A Republican candidate for governor of Massachusetts spoke to supporters in Pittsfield Tuesday night.
Charlie Baker gave a stump speech and fielded questions from about 20 Berkshire County Republicans at Zucco’s Restaurant in Pittsfield. Baker, who was the 2010 Republican challenger to Governor Deval Patrick, says he sees benefits in having more than one philosophy at the problem-solving table. He says he learned that by being raised under what he calls a “mixed marriage” with a Democratic mother and a Republican father who worked in the Nixon and Reagan administrations.
“You do get a better product when you have both teams on the field,” Baker said. “You do get a better result when you have two teams competing. You do get a better government and a better process when you have more than one set of ideas engaged.”
Baker is making job creation his number one priority.
“We haven’t created a single net new job in 13 years,” the Republican said. “We have the same number of people working here that we had working here in 2000. How can that be? How can a state that brings everything that we bring to table lag when it comes to growing and creating jobs and economic opportunity? The answer is pretty simple. We are wicked smart, but we finish 48th and 49th on every single survey that has to do with the cost of almost everything.”
While Baker doesn’t expect the cost of living in Massachusetts to be the lowest in the nation, he says replicating methods already being used in pockets of the commonwealth on a statewide level can decrease things like energy expenses. The Republican touted his 25 years of experience in the public and private sectors, having served as Secretary of Health and Human Services and Secretary of Finance and Administration under Governors William Weld and then Paul Cellucci in the 1990s.
“When Bill and Paul took office, Massachusetts had the highest unemployment rate in the country,” Baker said. “When Paul Cellucci left to become the U.S. Ambassador to Canada, Massachusetts had the lowest unemployment rate in the country. We solved problems, we got stuff done, we made government work and we put people back to work, which is really in many respects what this fundamentally needs to be all about.”
Baker says economic development should be handled on a regional level and that small businesses are the “lifeblood” of any economy. He says the state needs to constantly review its regulatory measures and hear from business leaders about ways to steamline regulations.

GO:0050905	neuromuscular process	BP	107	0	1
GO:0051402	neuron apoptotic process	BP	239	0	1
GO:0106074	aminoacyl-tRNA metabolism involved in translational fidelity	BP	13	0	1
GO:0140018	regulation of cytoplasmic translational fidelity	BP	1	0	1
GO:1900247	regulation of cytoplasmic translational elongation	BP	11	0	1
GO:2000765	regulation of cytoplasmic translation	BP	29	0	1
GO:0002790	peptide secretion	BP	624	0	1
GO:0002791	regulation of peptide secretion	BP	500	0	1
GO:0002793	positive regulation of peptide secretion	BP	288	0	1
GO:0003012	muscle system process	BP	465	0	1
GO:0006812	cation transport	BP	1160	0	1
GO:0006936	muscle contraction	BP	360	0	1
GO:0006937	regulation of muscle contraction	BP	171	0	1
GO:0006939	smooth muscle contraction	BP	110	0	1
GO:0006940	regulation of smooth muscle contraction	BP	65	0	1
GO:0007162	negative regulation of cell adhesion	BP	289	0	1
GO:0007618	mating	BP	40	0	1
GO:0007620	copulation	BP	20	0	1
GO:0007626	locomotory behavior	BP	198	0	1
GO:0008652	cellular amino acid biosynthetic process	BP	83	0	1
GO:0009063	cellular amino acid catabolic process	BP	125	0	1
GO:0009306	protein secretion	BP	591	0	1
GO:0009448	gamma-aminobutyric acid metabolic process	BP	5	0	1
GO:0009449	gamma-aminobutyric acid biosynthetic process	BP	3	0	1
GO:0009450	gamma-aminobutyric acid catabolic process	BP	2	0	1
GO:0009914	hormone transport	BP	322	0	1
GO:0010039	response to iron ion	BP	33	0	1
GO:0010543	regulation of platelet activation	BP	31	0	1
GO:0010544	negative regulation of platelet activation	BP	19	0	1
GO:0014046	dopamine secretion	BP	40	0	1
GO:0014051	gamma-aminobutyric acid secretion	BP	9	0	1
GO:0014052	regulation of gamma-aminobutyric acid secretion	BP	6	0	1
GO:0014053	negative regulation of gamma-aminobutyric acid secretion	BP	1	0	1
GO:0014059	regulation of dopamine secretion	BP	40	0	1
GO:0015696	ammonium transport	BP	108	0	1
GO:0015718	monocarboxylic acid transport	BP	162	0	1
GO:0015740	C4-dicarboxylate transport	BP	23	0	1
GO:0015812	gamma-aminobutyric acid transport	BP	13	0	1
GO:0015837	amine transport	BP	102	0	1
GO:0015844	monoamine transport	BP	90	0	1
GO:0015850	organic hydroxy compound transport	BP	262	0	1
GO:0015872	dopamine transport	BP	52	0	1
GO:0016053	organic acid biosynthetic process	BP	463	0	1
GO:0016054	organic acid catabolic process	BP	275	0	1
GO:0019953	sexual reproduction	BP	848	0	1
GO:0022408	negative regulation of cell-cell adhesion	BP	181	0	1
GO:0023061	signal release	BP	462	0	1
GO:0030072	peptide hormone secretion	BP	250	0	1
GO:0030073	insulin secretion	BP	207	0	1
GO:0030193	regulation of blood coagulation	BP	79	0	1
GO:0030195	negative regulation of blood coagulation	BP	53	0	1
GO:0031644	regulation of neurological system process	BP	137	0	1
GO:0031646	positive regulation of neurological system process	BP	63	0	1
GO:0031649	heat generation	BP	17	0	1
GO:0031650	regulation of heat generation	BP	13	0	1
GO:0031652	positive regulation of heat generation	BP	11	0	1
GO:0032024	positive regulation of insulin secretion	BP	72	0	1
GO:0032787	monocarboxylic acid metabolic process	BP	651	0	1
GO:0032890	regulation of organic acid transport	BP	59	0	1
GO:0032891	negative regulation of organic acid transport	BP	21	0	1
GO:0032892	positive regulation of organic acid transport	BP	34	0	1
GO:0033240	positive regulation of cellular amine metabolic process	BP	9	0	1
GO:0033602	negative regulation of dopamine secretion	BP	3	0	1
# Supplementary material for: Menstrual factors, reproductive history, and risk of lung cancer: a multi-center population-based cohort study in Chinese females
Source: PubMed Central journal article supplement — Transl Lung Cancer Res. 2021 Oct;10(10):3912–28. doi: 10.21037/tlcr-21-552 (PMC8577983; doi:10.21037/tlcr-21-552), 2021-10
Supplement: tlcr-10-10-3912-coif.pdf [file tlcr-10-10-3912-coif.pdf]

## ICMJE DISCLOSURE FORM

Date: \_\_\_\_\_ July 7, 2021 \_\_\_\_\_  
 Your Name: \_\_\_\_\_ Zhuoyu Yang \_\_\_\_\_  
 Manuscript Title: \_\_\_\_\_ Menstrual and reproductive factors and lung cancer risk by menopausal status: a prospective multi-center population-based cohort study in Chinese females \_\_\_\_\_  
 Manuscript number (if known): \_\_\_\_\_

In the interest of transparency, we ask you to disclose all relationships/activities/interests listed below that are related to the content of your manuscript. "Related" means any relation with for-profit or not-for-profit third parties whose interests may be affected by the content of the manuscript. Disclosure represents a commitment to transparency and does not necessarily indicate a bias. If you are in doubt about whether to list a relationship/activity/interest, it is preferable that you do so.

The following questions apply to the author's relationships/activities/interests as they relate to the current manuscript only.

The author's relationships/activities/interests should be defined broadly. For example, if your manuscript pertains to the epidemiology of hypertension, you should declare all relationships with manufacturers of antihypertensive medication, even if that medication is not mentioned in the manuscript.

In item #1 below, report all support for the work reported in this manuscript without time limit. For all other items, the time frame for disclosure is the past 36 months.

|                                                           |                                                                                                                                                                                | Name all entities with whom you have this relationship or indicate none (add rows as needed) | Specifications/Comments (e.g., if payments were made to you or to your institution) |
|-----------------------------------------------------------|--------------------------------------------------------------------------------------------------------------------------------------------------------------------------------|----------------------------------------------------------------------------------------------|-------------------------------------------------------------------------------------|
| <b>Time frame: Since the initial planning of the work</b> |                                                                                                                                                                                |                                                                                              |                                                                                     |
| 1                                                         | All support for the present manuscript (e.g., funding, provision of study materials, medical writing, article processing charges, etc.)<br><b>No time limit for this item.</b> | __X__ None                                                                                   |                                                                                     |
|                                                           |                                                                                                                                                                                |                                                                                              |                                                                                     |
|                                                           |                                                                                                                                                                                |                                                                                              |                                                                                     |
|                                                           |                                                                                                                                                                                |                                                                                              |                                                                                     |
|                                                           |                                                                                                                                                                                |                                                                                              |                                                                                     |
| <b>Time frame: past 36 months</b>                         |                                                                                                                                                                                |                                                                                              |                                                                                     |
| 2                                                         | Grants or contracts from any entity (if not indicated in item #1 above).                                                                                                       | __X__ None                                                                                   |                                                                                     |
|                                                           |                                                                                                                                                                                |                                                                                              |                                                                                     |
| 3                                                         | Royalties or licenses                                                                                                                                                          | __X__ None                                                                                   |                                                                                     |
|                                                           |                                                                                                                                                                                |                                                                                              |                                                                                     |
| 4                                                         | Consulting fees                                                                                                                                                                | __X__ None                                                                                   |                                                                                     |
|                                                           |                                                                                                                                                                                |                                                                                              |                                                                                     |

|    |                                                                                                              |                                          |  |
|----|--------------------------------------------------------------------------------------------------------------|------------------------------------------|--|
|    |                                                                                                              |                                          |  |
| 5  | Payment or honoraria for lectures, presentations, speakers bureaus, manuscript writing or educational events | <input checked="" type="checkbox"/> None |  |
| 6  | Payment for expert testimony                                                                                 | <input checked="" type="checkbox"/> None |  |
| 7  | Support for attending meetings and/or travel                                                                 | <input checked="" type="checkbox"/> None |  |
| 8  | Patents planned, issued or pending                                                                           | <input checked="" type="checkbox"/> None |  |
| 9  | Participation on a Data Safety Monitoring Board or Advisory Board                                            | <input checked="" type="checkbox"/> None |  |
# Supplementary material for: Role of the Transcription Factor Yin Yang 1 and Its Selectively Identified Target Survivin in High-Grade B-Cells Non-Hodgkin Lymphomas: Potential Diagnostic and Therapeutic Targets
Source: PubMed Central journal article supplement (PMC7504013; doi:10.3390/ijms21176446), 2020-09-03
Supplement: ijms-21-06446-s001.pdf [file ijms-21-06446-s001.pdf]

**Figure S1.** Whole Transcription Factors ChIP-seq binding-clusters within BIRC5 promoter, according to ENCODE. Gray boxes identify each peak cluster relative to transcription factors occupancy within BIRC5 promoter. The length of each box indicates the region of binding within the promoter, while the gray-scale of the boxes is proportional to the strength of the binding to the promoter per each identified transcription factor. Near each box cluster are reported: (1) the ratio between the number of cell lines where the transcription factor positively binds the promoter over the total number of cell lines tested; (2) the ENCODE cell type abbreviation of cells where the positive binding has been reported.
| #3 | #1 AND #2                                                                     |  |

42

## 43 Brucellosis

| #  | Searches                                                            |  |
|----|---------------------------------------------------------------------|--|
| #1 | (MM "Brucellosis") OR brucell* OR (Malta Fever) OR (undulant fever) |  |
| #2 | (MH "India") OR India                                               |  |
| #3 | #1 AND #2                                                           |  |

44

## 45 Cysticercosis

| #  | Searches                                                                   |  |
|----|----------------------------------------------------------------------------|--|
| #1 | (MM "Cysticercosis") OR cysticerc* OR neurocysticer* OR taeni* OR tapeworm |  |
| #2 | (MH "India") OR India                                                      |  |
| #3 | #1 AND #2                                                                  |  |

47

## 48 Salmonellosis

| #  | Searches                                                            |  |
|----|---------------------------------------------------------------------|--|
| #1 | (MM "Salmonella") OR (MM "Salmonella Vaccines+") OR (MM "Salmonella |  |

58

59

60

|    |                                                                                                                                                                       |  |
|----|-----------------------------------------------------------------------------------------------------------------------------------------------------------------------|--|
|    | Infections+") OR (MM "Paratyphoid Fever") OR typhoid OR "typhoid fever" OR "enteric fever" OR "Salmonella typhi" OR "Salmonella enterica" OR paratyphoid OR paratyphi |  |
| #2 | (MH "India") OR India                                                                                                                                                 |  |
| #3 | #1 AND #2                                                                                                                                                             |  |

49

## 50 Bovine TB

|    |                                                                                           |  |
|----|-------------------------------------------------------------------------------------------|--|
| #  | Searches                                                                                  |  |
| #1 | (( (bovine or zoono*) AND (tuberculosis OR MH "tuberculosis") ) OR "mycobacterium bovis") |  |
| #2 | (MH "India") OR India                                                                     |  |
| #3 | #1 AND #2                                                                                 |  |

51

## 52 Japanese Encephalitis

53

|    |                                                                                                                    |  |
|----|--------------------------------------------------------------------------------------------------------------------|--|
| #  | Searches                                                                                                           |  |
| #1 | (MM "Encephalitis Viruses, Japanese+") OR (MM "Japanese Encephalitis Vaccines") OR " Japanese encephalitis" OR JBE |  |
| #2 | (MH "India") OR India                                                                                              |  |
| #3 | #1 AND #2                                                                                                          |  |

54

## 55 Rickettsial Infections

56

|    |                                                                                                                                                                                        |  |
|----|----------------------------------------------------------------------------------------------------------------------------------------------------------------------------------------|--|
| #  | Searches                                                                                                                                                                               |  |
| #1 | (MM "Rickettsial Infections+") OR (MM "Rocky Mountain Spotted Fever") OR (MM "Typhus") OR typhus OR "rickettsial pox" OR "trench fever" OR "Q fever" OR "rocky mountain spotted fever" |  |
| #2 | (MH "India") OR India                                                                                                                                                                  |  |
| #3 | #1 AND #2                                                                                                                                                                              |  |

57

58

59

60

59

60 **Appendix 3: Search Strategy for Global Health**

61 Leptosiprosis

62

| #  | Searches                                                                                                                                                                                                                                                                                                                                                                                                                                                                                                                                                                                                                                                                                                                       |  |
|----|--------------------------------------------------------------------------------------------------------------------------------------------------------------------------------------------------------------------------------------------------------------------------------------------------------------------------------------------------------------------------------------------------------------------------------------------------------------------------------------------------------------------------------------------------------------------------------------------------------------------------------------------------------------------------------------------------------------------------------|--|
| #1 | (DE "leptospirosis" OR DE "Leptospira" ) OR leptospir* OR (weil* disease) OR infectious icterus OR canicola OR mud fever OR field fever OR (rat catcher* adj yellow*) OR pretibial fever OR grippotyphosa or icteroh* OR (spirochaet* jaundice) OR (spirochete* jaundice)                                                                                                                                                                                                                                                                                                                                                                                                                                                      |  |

“The state needs to speak with one voice on this,” he said. “There really are legitimate circumstances in which people will find that being in compliance with one agency’s regulation puts you out of compliance with another agency’s regulation. That should never happen.”
Baker also expressed opposition to the state’s handling of a hike in the gasoline tax.
“I’m supportive of getting rid of the automatic inflation adjustment that doesn’t require the Legislature to ever have to vote on the gas tax again, which I think is a mistake,” said Baker.
The Republican says he will work with communities and housing agencies to stop the policy of placing homeless families in motels.
“My big concern with the way the system is set up right now is we’re plopping people into hotels and motels and then not really engaging them in a process or a strategy to get them out,” he said. “This one is as much about hustle as it is about anything else.”
Baker is the only declared Republican candidate so far. The Democratic field includes Attorney General Martha Coakley, Treasurer Steve Grossman, Juliette Kayyem, Joe Avellone and Don Berwick. Governor Patrick, who beat Baker with 48 percent of the vote in 2010, is not seeking reelection. Mike Case is the GOP state committeeman for the Berkshire, Hampden and Franklin District.
“Some people say that it’s really good to have a primary because it gets your name out there,” Case said. “My belief is if you’ve got a really good candidate that’s got a shot, why would try to diffuse the vote a little bit.”
Using his experience from 2010, Baker says he is no longer simply learning the issues across the state, but is engaged in developing solutions this time around. He says this won’t be his last campaign stop in the traditionally left-leaning Berkshires.